Willow Emerald Watch
Join us in tracking the remarkable spread of this enigmatic species…
Just a decade ago, the Willow Emerald Damselfly had only been reliably recorded in the UK on 2 occasions, in 1979 and 1992. A single individual was then recorded in south east Suffolk during 2007, followed in 2009 by a sudden boom of 400 records of the species from this same general area (SE Suffolk/NE Essex). Since this time, the Willow Emerald has spread rapidly across the south-east of England, gaining footholds in new counties on a yearly basis.
The natural colonisation and spread of this damselfly in the UK is incredible. It is important we track the species in order to understand how it is spreading so rapidly and what might limit the species in the future. For this reason, the BDS have developed the ‘Willow Emerald Watch’ project.
The project so far
Thanks to the efforts of our volunteer dragonfly recorders, we have been able to closely follow the spread of the Willow Emerald Damselfly since those first mass sightings in 2009. The spread was steady at first but since 2014 the rate of expansion increased rapidly and in 2015 the species was found in 8 counties: Suffolk, Norfolk, Essex, Kent, Cambridgeshire, Hertfordshire, Surrey and west Sussex.
2016: the species colonised yet further new counties, including Bedfordshire, Lincolnshire, Northamptonshire and Buckinghamshire.
2017: was a good year with populations strengthening and spreading within newly colonised counties.
2018: gaps within the current distribution were filled in by expanding populations.
Map comparing pre-2018 and 2018 Willow Emerald Damselfly records. (Adrian Parr)
Update from 2019
The Willow Emerald Damselfly clearly finds conditions in Britain to its liking, and the species has been steadily increasing its numbers and range ever since colonising the UK just over a decade ago. While developments during 2018 were relatively unspectacular, those during 2019 turned out to be a lot more dramatic. Numbers seen at traditional sites were often high, with an amazing 380+ being reported from Nethergong in Kent on 21 August. There was a lot of range infilling noted, particularly in and around Greater London, and substantial range expansion was also seen. Late August and early September saw a major push northwards, this perhaps being stimulated by a period of unusually warm weather with gentle southerly winds towards the end of August. Several sightings were thus made unusually far north in Lincolnshire during this period (for example at Snakeholme Pit, Huttoft Pit, Cleethorpes Country Park and Alkborough Flats), and on 26 August there was even a sighting from Harwood Dale in North Yorkshire. This is almost 150 km north of the apparent range boundary seen in 2018! A few additional sightings were made in northeast England during the remainder of September and into early October, including the first records for East Yorkshire at East Park in Hull and at North Cave Wetlands, but no further northwards range expansion was detected. Signs of westerly movement elsewhere in England had however become apparent during this period. Sightings were thus made at Wytham Woods near Oxford on 10 September, at Dinton Pastures Country Park, Berkshire, on 20 September, near Coventry in Warwickshire over 21–28 September and at Bramshill, Hampshire, on 19 October. All but the second of these sightings represent new county records. What a year the Willow Emerald had in 2019!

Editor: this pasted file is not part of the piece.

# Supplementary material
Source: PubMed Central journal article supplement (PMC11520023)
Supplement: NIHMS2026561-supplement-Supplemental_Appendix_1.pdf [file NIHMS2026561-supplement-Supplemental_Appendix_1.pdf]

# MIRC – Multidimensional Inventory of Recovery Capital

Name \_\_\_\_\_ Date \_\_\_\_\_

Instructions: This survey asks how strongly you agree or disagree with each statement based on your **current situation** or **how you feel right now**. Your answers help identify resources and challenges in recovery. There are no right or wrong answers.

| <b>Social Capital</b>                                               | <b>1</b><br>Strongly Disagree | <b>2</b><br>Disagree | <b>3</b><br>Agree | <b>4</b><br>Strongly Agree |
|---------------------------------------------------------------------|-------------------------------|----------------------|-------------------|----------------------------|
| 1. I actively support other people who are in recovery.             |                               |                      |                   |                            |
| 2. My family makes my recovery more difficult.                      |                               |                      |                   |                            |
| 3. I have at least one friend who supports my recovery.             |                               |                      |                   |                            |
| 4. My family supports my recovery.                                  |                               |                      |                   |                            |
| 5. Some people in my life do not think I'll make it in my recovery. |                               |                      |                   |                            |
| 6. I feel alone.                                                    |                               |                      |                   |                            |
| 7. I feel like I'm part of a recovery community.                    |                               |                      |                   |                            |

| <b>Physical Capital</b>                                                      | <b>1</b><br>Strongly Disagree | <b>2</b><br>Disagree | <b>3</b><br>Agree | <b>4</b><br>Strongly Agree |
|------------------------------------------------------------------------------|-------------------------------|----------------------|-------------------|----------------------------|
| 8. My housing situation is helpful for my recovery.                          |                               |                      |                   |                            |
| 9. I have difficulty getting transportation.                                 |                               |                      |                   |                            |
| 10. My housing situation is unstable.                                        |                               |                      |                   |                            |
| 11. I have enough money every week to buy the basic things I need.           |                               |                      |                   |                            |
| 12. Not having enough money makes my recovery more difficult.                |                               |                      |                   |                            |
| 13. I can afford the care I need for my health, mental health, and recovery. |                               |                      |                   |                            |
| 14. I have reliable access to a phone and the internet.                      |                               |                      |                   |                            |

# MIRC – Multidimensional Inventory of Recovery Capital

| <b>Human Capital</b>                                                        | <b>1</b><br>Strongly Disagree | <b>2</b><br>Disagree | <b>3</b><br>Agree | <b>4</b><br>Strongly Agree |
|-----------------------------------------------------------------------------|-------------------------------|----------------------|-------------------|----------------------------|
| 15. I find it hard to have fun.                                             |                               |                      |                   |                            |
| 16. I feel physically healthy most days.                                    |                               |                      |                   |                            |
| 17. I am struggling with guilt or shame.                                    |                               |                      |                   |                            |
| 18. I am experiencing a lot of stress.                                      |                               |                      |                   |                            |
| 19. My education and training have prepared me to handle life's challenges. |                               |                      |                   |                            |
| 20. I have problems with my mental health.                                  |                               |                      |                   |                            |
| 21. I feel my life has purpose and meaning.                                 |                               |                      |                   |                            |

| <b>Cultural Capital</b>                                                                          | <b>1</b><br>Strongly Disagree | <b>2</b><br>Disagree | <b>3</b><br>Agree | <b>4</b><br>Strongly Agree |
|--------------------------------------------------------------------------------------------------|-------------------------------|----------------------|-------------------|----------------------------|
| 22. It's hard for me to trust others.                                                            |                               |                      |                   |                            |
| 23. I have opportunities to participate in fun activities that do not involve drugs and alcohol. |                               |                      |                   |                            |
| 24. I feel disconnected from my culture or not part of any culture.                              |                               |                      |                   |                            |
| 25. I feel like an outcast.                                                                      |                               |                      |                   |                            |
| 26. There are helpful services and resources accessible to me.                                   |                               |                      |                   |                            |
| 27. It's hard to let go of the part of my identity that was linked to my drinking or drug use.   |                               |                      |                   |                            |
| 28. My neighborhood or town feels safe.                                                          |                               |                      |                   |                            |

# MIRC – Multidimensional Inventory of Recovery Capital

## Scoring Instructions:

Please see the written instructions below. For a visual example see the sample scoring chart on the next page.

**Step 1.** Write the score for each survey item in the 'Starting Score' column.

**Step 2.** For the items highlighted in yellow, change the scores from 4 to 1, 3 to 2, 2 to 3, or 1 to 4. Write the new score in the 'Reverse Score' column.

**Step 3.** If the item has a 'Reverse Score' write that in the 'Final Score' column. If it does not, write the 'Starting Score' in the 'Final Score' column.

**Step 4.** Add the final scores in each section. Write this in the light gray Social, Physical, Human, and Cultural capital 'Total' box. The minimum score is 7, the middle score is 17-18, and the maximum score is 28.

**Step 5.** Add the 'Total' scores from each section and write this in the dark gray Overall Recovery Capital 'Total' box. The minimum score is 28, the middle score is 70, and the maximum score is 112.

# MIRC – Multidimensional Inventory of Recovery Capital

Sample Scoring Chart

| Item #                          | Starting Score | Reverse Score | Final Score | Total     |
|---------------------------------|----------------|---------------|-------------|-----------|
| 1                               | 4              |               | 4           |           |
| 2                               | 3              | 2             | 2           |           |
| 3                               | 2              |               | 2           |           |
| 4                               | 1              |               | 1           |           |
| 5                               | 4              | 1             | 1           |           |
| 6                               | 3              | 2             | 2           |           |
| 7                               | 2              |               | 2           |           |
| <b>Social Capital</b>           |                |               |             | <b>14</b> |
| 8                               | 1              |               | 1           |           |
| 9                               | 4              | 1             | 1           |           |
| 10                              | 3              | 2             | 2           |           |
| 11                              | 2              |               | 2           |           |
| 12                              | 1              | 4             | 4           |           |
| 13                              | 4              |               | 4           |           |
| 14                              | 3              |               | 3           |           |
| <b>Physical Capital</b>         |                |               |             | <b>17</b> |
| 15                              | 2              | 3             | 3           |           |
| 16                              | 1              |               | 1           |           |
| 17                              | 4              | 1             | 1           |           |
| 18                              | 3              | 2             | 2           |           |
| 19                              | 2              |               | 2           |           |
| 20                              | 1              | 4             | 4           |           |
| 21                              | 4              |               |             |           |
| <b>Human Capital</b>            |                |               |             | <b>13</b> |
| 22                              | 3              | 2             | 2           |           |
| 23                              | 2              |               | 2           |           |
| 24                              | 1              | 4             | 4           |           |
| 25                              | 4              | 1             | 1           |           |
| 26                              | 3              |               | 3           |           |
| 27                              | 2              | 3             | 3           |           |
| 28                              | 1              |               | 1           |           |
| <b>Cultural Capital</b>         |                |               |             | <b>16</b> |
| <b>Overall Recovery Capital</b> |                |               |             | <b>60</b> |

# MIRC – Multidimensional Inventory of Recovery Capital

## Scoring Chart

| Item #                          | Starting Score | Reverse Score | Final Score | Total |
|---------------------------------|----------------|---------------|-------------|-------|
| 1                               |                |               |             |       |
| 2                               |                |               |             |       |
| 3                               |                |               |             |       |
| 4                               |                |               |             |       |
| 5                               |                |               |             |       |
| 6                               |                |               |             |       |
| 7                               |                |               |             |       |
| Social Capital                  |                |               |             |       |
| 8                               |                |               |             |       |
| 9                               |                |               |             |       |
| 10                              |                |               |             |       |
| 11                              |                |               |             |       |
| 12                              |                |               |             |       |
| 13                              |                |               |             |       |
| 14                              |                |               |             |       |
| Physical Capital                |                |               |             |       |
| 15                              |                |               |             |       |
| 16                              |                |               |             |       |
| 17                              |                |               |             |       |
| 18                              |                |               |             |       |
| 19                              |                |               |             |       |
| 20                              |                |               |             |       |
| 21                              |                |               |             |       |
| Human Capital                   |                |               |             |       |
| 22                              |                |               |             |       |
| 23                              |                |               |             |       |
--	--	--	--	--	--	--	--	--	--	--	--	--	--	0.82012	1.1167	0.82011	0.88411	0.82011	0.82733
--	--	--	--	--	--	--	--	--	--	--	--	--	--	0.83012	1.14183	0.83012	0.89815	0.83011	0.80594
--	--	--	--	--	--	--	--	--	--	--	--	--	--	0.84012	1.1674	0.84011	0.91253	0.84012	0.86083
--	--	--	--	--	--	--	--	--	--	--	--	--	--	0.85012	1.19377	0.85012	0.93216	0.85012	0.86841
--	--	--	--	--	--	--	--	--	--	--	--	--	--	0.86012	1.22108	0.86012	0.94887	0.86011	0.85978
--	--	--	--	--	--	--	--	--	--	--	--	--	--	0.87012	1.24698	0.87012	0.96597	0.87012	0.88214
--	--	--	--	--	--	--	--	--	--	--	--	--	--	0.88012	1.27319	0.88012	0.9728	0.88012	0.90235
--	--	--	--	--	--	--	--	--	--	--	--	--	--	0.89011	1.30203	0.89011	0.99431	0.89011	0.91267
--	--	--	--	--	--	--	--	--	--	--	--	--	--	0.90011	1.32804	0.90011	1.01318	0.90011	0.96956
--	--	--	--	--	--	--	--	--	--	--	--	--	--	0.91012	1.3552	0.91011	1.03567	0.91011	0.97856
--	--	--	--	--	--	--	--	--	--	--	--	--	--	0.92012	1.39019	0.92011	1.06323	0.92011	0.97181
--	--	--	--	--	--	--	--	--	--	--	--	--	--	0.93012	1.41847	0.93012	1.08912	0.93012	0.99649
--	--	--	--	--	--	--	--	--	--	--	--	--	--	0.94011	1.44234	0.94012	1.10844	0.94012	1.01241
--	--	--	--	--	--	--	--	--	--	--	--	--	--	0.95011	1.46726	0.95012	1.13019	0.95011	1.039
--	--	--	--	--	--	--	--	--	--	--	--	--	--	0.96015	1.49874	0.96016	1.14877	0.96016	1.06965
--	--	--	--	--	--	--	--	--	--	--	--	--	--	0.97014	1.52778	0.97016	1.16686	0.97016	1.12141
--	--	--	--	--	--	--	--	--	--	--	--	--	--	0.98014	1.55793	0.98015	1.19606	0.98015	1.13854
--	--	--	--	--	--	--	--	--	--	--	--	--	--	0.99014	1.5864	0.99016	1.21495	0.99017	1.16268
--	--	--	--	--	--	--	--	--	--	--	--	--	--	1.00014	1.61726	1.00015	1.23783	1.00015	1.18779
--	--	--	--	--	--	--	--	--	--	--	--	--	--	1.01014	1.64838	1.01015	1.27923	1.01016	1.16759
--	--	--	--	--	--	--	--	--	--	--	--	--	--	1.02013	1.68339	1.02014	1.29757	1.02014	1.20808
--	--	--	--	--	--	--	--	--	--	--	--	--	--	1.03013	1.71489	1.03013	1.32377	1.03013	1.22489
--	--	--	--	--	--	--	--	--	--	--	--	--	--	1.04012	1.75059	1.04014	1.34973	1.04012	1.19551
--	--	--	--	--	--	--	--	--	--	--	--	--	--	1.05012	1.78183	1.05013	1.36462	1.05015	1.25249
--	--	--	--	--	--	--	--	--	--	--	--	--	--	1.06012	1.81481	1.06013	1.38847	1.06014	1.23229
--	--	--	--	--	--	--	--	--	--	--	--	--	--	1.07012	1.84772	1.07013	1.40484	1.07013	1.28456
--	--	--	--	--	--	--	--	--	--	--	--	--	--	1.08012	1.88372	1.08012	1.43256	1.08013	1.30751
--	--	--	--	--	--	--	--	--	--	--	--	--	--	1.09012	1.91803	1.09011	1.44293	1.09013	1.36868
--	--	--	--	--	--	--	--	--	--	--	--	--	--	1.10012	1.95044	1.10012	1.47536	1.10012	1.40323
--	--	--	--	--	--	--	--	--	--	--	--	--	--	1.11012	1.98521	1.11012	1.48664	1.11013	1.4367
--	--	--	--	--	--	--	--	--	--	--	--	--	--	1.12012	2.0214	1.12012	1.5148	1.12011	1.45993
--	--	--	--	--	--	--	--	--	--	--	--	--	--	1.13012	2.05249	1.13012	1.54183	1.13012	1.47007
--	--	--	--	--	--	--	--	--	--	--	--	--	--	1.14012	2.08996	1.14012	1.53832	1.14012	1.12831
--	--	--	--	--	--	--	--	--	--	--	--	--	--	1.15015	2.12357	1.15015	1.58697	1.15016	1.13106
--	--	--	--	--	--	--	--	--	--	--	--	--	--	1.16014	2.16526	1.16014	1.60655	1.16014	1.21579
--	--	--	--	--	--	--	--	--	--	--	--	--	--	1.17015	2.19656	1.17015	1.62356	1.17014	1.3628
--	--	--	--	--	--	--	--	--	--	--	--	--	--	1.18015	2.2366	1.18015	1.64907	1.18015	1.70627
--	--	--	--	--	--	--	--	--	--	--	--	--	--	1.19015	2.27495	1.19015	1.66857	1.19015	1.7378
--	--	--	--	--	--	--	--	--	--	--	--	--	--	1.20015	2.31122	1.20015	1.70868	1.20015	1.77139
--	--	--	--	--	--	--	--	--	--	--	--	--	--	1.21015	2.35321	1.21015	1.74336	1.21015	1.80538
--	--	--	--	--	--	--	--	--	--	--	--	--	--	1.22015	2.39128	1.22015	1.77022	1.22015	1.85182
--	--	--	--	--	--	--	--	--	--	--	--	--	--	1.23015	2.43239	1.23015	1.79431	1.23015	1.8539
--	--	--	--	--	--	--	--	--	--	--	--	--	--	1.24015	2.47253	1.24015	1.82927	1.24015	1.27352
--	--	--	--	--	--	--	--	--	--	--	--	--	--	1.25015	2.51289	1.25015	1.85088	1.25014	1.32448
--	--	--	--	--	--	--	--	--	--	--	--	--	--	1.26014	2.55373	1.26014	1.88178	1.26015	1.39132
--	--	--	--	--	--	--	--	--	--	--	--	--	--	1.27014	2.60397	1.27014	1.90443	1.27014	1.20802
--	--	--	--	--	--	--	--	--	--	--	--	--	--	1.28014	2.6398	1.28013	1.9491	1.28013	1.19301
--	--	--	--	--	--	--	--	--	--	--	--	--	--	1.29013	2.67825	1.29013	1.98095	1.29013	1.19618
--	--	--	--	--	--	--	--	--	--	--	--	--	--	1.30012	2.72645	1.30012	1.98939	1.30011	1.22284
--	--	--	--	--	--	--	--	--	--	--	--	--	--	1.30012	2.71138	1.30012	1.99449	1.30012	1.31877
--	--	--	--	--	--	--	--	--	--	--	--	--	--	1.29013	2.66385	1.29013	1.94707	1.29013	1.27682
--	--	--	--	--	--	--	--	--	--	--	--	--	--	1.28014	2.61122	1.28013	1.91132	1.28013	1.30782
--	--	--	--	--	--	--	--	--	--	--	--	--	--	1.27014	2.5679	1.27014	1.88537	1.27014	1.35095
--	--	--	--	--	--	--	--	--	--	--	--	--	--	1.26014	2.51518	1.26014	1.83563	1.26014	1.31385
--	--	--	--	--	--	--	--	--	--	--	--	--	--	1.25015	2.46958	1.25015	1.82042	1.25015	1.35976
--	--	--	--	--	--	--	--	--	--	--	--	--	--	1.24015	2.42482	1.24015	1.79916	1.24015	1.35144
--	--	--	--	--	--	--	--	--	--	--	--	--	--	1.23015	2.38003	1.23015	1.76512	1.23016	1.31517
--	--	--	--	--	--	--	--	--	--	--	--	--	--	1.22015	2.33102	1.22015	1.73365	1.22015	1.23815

Map comparing pre-2019 and 2019 Willow Emerald Damselfly records. (Adrian Parr)
We are keen to continue following the progress of this beautiful little damselfly and we need your help. We are recruiting as many volunteers as possible to get involved with recording the Willow Emerald Damselfly, in particular in those counties bordering the species’ range so far. You can give as much or as little time to the project as you like; all records of the Willow Emerald help to build on what we know of this fascinating new species in the UK.
What to look for
The Willow Emerald Damselfly is one of four emerald damselfly species which can be found in the UK. The species in the group are well known for sitting with their wings partly open when at rest, as compared to other damselflies which generally rest with closed wings. One of the emerald species is very common, the Emerald Damselfly, two are rare, the Southern Emerald Damselfly and the Scarce Emerald Damselfly, and the fourth is the Willow Emerald Damselfly. The species are fairly similar in appearance and it can be easiest to take photos of any emeralds you are not sure of and have a closer look at these at home.